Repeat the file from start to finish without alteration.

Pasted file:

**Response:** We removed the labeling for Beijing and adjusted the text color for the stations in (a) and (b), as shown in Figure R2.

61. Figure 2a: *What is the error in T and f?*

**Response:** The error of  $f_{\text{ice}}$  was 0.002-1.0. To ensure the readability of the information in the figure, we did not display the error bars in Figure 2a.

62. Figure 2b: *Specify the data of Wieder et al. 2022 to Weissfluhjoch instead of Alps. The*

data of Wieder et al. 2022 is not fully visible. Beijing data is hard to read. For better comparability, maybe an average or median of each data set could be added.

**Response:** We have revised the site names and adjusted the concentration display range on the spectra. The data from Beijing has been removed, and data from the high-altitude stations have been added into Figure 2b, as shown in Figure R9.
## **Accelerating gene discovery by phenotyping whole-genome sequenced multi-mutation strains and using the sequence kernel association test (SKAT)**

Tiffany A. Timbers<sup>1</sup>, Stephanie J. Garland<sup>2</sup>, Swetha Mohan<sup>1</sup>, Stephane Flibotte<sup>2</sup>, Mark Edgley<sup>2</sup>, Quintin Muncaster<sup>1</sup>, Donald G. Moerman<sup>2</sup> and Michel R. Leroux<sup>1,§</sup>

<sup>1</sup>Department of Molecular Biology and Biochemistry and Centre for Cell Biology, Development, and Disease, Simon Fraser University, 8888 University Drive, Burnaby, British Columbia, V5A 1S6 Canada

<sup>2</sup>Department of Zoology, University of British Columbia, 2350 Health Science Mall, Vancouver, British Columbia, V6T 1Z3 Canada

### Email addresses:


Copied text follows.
**Response:** We removed the labeling for Beijing and adjusted the text color for the stations in (a) and (b), as shown in Figure R2.

61. Figure 2a: *What is the error in T and f?*

**Response:** The error of  $f_{\text{ice}}$  was 0.002-1.0. To ensure the readability of the information in the figure, we did not display the error bars in Figure 2a.

62. Figure 2b: *Specify the data of Wieder et al. 2022 to Weissfluhjoch instead of Alps. The*

data of Wieder et al. 2022 is not fully visible. Beijing data is hard to read. For better comparability, maybe an average or median of each data set could be added.

**Response:** We have revised the site names and adjusted the concentration display range on the spectra. The data from Beijing has been removed, and data from the high-altitude stations have been added into Figure 2b, as shown in Figure R9.
## **Accelerating gene discovery by phenotyping whole-genome sequenced multi-mutation strains and using the sequence kernel association test (SKAT)**

Tiffany A. Timbers<sup>1</sup>, Stephanie J. Garland<sup>2</sup>, Swetha Mohan<sup>1</sup>, Stephane Flibotte<sup>2</sup>, Mark Edgley<sup>2</sup>, Quintin Muncaster<sup>1</sup>, Donald G. Moerman<sup>2</sup> and Michel R. Leroux<sup>1,§</sup>

<sup>1</sup>Department of Molecular Biology and Biochemistry and Centre for Cell Biology, Development, and Disease, Simon Fraser University, 8888 University Drive, Burnaby, British Columbia, V5A 1S6 Canada

<sup>2</sup>Department of Zoology, University of British Columbia, 2350 Health Science Mall, Vancouver, British Columbia, V6T 1Z3 Canada

### Email addresses: